European distrust of US data security creates market for local cloud service

Europeans worried about the US Patriot Act prefer to keep their data in the EU

Concern in the European Union that U.S. data protection laws are too lax has created a new market for European cloud computing services.

A recent survey indicated that 70 percent of Europeans have concerns about their online data and how well companies secure it and now two Swedish companies, Severalnines and City Network, have begun promoting their newly merged service as "a safe haven from the reaches of the U.S. Patriot Act." Under the U.S. Patriot Act, data from European users of U.S.-based cloud services can secretly be seized by U.S. law enforcement agencies.

"We believe that a service owned and operated locally in the E.U., and fully compliant with E.U. data protection laws, will be very attractive for European companies. U.S. companies with European operations will also benefit from the lower latency of a locally hosted solution," said City Network chairman Johan Christenson.

This gap in the market is also being exploited by other firms such as DNS Europe, Colt and MESH. The latter strongly promotes its location in Germany and "data separation in strict compliance with German data protection laws."

European legislators are also worried about the protection accorded to personal data held in the cloud.

"It is crucial, for European businesses and users, that the data on the cloud is stored in a safe country," said Philippe Juvin, a Member of the European Parliament (MEP), on Thursday.

The E.U. and the U.S. attempted to overcome user mistrust with the Safe Harbor Agreement, but is widely seen to have failed. Under the agreement, U.S. organizations self-certify their adherence to principles of data security, but there is very little enforcement and some U.S. legislation, in particular the Patriot Act, can override these principles.

Lawyers such as Theo Bosboom of Dirkzager Lawyers see the Safe Harbor Agreement as outdated. "I'm afraid that safe harbor has very little value anymore, since it came out that it might be possible that U.S. companies that offer to keep data in a European cloud are still obliged to allow the U.S. government access to these data on the basis of the Patriot Act," he said. "Europeans would be better to keep their data in Europe. If a European contract partner for a European cloud solution offers the guarantee that data stays within the European Union, that is without a doubt the best choice, legally."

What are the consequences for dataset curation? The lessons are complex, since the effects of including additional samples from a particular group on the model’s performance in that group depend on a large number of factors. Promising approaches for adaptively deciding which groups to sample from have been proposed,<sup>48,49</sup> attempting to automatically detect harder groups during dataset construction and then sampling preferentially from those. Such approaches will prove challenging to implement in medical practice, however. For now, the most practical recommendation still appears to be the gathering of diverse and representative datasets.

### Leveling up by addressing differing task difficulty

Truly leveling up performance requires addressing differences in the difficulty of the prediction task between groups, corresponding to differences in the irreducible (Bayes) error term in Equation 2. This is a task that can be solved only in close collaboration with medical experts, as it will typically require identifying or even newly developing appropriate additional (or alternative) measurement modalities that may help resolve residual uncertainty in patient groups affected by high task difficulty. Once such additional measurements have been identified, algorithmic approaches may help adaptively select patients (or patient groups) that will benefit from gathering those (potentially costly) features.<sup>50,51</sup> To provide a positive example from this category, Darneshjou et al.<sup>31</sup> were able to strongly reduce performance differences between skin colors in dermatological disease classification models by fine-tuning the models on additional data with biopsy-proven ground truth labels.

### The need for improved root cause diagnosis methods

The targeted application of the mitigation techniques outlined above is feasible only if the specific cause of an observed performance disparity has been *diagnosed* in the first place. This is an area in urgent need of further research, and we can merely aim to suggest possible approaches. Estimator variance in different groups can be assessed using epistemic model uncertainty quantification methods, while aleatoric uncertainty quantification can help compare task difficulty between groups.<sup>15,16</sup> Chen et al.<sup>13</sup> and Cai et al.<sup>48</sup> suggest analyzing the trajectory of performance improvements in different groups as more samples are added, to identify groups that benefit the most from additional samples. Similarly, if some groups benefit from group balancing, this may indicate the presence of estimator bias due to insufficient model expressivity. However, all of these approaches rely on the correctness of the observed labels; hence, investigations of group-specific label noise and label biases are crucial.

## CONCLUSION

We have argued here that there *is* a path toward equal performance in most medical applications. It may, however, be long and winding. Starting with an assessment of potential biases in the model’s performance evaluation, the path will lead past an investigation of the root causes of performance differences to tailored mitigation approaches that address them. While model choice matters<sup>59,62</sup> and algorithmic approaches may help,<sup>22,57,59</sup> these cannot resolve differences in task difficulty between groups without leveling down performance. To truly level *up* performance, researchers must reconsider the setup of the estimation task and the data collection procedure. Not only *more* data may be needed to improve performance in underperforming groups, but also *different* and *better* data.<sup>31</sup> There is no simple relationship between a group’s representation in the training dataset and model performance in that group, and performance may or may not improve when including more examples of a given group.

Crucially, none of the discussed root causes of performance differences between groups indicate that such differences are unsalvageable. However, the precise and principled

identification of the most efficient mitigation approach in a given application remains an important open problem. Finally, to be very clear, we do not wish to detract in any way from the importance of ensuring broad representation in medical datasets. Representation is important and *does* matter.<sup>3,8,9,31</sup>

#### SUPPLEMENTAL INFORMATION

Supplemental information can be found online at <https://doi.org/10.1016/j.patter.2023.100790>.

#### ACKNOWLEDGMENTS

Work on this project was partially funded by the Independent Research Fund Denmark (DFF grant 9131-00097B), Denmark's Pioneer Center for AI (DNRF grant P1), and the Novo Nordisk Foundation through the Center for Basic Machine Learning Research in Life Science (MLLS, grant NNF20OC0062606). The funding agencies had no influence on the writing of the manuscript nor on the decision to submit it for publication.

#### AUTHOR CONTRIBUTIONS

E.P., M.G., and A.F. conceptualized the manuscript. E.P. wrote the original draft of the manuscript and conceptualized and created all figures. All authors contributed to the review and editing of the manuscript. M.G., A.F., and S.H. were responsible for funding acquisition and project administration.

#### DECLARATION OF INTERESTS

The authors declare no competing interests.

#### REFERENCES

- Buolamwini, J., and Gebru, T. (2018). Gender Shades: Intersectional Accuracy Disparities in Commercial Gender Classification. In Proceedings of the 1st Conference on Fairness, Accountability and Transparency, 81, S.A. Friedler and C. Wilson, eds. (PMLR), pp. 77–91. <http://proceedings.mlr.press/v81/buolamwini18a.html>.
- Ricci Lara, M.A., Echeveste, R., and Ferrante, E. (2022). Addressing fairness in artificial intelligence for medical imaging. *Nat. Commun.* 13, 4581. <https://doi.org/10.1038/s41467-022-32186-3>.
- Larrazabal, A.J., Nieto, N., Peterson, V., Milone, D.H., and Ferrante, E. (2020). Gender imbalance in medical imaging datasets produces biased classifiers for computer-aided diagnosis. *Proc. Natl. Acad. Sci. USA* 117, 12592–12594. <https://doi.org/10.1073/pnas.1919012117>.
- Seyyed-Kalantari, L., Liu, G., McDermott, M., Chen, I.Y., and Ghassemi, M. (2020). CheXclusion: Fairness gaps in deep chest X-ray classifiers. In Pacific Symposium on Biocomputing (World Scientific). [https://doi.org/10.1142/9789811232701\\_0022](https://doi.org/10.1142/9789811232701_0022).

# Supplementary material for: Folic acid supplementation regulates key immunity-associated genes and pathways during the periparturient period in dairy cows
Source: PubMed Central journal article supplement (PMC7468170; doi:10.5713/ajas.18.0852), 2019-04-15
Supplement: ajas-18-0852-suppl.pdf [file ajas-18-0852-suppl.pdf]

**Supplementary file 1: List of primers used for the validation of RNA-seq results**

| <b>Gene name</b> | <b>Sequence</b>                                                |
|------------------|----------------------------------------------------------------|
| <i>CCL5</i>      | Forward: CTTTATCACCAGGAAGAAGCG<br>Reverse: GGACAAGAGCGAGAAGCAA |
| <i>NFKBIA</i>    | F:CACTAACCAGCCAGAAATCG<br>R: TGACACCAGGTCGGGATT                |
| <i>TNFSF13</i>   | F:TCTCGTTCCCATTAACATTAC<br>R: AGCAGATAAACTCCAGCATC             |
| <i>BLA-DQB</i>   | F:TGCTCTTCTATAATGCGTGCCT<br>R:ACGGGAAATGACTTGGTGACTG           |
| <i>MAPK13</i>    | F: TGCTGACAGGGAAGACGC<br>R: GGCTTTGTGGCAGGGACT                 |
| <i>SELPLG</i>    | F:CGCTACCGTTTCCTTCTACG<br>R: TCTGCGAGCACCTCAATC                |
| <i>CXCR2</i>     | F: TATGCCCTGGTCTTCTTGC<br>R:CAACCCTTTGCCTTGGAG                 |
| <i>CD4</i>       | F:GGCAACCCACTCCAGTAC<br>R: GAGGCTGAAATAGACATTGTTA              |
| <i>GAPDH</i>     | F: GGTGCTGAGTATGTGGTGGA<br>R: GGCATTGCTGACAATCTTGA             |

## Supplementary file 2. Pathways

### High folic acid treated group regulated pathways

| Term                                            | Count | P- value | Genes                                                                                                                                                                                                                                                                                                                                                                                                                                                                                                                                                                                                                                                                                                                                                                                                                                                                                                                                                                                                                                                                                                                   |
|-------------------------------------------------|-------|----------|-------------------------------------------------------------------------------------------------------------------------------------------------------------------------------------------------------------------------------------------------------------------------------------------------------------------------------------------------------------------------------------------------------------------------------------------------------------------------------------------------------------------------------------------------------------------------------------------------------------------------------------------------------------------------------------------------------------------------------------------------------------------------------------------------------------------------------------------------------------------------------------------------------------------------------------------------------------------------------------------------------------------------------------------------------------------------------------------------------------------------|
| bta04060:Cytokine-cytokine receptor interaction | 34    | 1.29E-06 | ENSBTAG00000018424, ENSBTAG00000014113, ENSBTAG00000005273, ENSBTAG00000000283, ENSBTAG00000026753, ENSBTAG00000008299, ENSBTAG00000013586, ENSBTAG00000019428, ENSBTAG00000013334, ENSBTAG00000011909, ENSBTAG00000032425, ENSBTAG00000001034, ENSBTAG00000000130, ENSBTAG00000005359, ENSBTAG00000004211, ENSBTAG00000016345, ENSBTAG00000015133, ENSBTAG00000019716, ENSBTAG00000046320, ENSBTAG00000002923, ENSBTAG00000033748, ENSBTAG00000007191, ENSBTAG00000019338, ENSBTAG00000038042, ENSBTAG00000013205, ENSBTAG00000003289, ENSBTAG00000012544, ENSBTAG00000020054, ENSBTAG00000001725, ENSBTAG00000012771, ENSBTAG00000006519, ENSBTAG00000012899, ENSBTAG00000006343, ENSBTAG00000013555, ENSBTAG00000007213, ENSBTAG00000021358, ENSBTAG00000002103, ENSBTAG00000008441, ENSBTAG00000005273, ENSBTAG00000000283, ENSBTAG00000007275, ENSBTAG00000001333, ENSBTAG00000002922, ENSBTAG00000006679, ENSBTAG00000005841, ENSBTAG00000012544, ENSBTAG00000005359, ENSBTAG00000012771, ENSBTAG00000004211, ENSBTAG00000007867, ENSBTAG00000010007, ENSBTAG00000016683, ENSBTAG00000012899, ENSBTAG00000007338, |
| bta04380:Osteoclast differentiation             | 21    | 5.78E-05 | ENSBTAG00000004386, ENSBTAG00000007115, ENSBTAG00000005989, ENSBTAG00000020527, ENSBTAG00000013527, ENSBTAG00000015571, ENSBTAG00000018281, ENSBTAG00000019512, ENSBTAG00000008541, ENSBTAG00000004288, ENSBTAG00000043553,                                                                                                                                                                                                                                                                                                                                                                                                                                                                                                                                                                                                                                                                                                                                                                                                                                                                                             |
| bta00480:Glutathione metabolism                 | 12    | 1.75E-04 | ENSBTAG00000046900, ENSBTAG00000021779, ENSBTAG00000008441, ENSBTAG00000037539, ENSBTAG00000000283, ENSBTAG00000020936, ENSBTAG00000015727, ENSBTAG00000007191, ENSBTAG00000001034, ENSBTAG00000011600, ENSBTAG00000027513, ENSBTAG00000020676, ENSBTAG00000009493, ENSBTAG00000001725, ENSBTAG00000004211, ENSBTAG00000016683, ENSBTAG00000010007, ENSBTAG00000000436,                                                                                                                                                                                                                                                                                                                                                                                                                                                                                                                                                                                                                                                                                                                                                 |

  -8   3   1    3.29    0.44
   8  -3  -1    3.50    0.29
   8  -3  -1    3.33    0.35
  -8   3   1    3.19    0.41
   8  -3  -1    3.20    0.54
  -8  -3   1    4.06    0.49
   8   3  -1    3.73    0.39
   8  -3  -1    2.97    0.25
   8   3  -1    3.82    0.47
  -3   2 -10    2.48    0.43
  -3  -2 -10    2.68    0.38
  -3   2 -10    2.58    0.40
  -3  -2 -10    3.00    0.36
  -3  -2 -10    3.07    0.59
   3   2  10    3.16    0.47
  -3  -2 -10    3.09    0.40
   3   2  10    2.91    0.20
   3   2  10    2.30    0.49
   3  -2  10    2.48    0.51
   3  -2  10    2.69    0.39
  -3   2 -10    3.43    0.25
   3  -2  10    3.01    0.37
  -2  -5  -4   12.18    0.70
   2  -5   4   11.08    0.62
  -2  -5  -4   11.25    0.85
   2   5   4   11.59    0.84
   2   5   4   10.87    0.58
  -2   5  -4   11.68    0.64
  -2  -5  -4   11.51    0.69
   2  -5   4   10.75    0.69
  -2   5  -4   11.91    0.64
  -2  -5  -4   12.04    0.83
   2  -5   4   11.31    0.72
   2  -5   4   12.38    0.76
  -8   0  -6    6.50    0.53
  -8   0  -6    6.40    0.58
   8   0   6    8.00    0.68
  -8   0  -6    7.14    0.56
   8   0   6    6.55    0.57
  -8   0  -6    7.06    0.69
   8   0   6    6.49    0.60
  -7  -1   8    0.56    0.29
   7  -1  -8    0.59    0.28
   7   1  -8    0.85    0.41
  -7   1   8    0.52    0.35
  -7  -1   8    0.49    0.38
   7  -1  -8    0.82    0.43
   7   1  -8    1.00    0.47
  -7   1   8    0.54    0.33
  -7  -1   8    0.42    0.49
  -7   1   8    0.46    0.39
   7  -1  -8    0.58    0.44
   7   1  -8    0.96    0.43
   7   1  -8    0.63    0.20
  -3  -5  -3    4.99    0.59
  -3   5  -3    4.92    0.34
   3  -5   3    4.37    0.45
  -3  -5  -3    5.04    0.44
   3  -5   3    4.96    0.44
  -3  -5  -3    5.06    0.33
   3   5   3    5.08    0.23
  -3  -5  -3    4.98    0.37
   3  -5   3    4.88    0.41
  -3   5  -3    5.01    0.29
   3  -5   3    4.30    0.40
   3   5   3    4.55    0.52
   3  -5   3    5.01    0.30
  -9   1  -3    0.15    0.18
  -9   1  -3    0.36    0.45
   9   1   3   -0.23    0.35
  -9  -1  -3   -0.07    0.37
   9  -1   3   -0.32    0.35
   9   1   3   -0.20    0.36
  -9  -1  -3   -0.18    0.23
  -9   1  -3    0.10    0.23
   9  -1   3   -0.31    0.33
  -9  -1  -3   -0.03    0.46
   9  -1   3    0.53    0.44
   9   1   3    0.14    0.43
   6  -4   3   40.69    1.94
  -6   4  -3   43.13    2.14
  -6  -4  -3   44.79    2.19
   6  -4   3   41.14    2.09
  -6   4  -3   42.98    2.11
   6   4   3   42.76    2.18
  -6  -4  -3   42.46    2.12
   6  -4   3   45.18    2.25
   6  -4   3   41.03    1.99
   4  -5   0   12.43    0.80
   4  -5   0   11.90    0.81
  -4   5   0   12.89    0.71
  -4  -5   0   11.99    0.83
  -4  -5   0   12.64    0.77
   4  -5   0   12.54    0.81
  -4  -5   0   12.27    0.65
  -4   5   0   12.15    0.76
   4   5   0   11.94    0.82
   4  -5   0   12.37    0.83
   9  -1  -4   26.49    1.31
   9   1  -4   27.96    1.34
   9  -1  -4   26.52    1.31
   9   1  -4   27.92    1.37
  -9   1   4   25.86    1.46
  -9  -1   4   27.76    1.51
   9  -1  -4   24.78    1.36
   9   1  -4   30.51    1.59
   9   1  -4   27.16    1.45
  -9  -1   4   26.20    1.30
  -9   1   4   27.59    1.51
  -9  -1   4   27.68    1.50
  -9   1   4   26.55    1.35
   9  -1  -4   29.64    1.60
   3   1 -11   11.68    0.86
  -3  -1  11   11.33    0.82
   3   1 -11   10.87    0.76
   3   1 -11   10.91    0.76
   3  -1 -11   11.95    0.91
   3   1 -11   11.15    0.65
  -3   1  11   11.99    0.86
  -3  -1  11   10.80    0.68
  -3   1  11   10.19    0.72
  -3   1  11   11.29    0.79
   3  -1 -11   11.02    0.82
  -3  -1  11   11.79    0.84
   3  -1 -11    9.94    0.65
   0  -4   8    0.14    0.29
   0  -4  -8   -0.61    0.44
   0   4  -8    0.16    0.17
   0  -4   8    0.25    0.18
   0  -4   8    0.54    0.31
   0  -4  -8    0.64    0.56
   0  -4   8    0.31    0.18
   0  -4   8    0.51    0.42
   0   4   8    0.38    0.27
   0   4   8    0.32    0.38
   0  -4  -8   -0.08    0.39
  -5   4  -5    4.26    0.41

MEP Sophie In't Veld, too, is no fan of the agreement. "Safe harbor nice idea, but it didn't work. When it was set up, times were different and it has almost become redundant by technological progress. We are increasingly aware of problem areas of jurisdiction between the E.U. and U.S. and a voluntary scheme like safe harbor is not a strong concept and will not solve these problems," she said.

The E.U. is currently in talks with the U.S. over sensitive data transfers across the Atlantic and a new European Data Protection Directive will be published in early 2012, which Justice Commissioner Viviane Reding promises will include measures to cover data in the cloud, but it appears that European could services still have a unique marketing opportunity.

Follow Jennifer on Twitter at @BrusselsGeek or email tips and comments to jennifer_baker@idg.com.

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Tags cloud computinginternetlegaldata protectioneuropean commissionInfrastructure servicesEuropean ParliamentSeveralninesCity Network

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Jennifer Baker

IDG News Service
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